Cultural Contradictions of Scientism

By Koons, Robert C. | Modern Age, Fall 2014 | Go to article overview

Cultural Contradictions of Scientism


Koons, Robert C., Modern Age


The Disunity of American Culture: Science, Religion, Technology, and the Secular State

by John C. Caiazza (New Brunswick, NJ: Transaction Publishers, 2013)

There is much to recommend in The Disunity of American Culture. John Caiazza's book is a clear and admirably competent survey of the conflict between religion and scientism in the Western world in recent decades and of the cultural consequences of that conflict. The book's greatest strength lies in Caiazza's ability to convey to a wide readership, with clarity and accuracy, the rise and fall of scientific positivism within the highly specialized world of academic philosophy. Nevertheless, the book's subject matter is so wide-ranging and diverse that the author has difficulty fitting it within a fully coherent argument, and I should be hard-pressed to identify its overall thesis.

The book comprises five parts: I, on American religion; II, on the history and philosophy of science; III, on three attempts at unified scientific reductionism; IV, on cultural decline; and V, on the irresolvable conflict between religion and science. Caiazza opens his book with three chapters devoted to American religion (Part I), and three to recent developments in the philosophy of science (Part II). The chapters on religion are a bit of a hodgepodge. He begins by describing the variety of religions that originated in America, from the Southern Baptist Church to Scientology. He then turns to the well-known pattern of American colleges and universities abandoning their religious and confessional roots, a story documented by the work of George Marsden. Somewhat oddly, Caiazza chooses Tufts University as his example, a university that has distanced itself from its Unitarian origins. From Unitarianism to modern secularism is not a great distance to fall, in my opinion. Marsden's examples of staunchly Calvinist or enthusiastically Evangelical colleges that have undergone such transformations provide more interesting and poignant cases. In the part's third chapter, Caiazza gives brief and useful reviews of books on American religion by Alan Wolfe (a secular liberal) and John Richard Neuhaus (a neoconservative Catholic).

Part II, on the philosophy of science, is one of the most useful sections of the book. Caiazza begins by criticizing the "Whig" theory of the history of science, which depicts the progress of science as synonymous with the early modern pioneers' breaking the stranglehold of Christian dogma on human thought. Historians of science now know (as even Stephen Jay Gould admitted) that modern science had its origins in the Middle Ages, with Platonic, Aristotelian, and specifically Christian ideas providing fuel and not a damper for effective speculation about nature. Caiazza effectively refutes Gould's two-track theory (two "non-overlapping magisteria"), in which religion is allowed to survive free of molestation at the cost of conceding the entire domain of "fact" to the authority of science. Caiazza points out that Gould's idea is nothing more than the resurrection of Siger of Brabant's theory of "double truth." Both ideas threaten to bifurcate human thought into irreconcilable fragments.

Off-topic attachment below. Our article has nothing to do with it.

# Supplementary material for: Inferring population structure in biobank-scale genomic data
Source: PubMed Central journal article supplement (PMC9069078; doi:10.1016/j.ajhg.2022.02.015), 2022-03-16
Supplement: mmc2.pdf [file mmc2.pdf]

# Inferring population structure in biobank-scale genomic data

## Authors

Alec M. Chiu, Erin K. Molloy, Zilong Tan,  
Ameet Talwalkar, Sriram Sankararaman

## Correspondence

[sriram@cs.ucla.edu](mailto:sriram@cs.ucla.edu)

Finally, in the crucial chapter 7, "The Counterrevolution in the Philosophy of Science," Caiazza informs the reader about the fascinating trajectory of the philosophy of science in the English-speaking world in the course of the twentieth century. Philosophy of science began with the logical positivism of the Vienna Circle in the early 1900s, which led to the "Unity of Science" movement, in which all human knowledge was to be regimented according to a single, rigorous method, with mathematical physics at its base. Led by Thomas Kuhn, historians of science demonstrated that the unity of scientific method was an unsustainable myth. This turn to historicism has influenced American philosophy beyond the philosophy of science, with Alasdair MacIntyre's critique of rationalistic ethics, After Virtue, as a prime example. …

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